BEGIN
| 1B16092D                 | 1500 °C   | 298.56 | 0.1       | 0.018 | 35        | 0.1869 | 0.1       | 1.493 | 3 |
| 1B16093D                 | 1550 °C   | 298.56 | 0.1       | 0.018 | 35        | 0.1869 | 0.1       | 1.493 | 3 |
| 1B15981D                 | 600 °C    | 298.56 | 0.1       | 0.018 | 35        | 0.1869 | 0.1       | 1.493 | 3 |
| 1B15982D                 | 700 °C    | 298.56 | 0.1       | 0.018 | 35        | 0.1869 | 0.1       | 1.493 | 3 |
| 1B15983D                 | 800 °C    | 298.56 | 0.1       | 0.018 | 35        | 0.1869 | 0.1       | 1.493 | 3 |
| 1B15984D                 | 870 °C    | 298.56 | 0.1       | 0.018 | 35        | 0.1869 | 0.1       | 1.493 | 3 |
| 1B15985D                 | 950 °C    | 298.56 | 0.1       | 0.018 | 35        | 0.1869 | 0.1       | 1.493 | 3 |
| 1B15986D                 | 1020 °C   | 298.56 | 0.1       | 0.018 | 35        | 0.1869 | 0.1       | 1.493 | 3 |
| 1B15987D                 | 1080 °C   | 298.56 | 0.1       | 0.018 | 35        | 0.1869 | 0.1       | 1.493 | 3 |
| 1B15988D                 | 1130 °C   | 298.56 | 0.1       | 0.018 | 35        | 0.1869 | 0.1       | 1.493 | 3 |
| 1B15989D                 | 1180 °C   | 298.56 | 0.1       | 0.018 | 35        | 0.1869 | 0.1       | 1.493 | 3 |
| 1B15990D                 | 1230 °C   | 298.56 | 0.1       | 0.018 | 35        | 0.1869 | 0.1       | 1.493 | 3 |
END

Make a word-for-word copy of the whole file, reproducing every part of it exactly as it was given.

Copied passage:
| 1B16092D                 | 1500 °C   | 298.56 | 0.1       | 0.018 | 35        | 0.1869 | 0.1       | 1.493 | 3 |
| 1B16093D                 | 1550 °C   | 298.56 | 0.1       | 0.018 | 35        | 0.1869 | 0.1       | 1.493 | 3 |
| 1B15981D                 | 600 °C    | 298.56 | 0.1       | 0.018 | 35        | 0.1869 | 0.1       | 1.493 | 3 |
| 1B15982D                 | 700 °C    | 298.56 | 0.1       | 0.018 | 35        | 0.1869 | 0.1       | 1.493 | 3 |
| 1B15983D                 | 800 °C    | 298.56 | 0.1       | 0.018 | 35        | 0.1869 | 0.1       | 1.493 | 3 |
| 1B15984D                 | 870 °C    | 298.56 | 0.1       | 0.018 | 35        | 0.1869 | 0.1       | 1.493 | 3 |
| 1B15985D                 | 950 °C    | 298.56 | 0.1       | 0.018 | 35        | 0.1869 | 0.1       | 1.493 | 3 |
| 1B15986D                 | 1020 °C   | 298.56 | 0.1       | 0.018 | 35        | 0.1869 | 0.1       | 1.493 | 3 |
| 1B15987D                 | 1080 °C   | 298.56 | 0.1       | 0.018 | 35        | 0.1869 | 0.1       | 1.493 | 3 |
| 1B15988D                 | 1130 °C   | 298.56 | 0.1       | 0.018 | 35        | 0.1869 | 0.1       | 1.493 | 3 |
| 1B15989D                 | 1180 °C   | 298.56 | 0.1       | 0.018 | 35        | 0.1869 | 0.1       | 1.493 | 3 |
| 1B15990D                 | 1230 °C   | 298.56 | 0.1       | 0.018 | 35        | 0.1869 | 0.1       | 1.493 | 3 |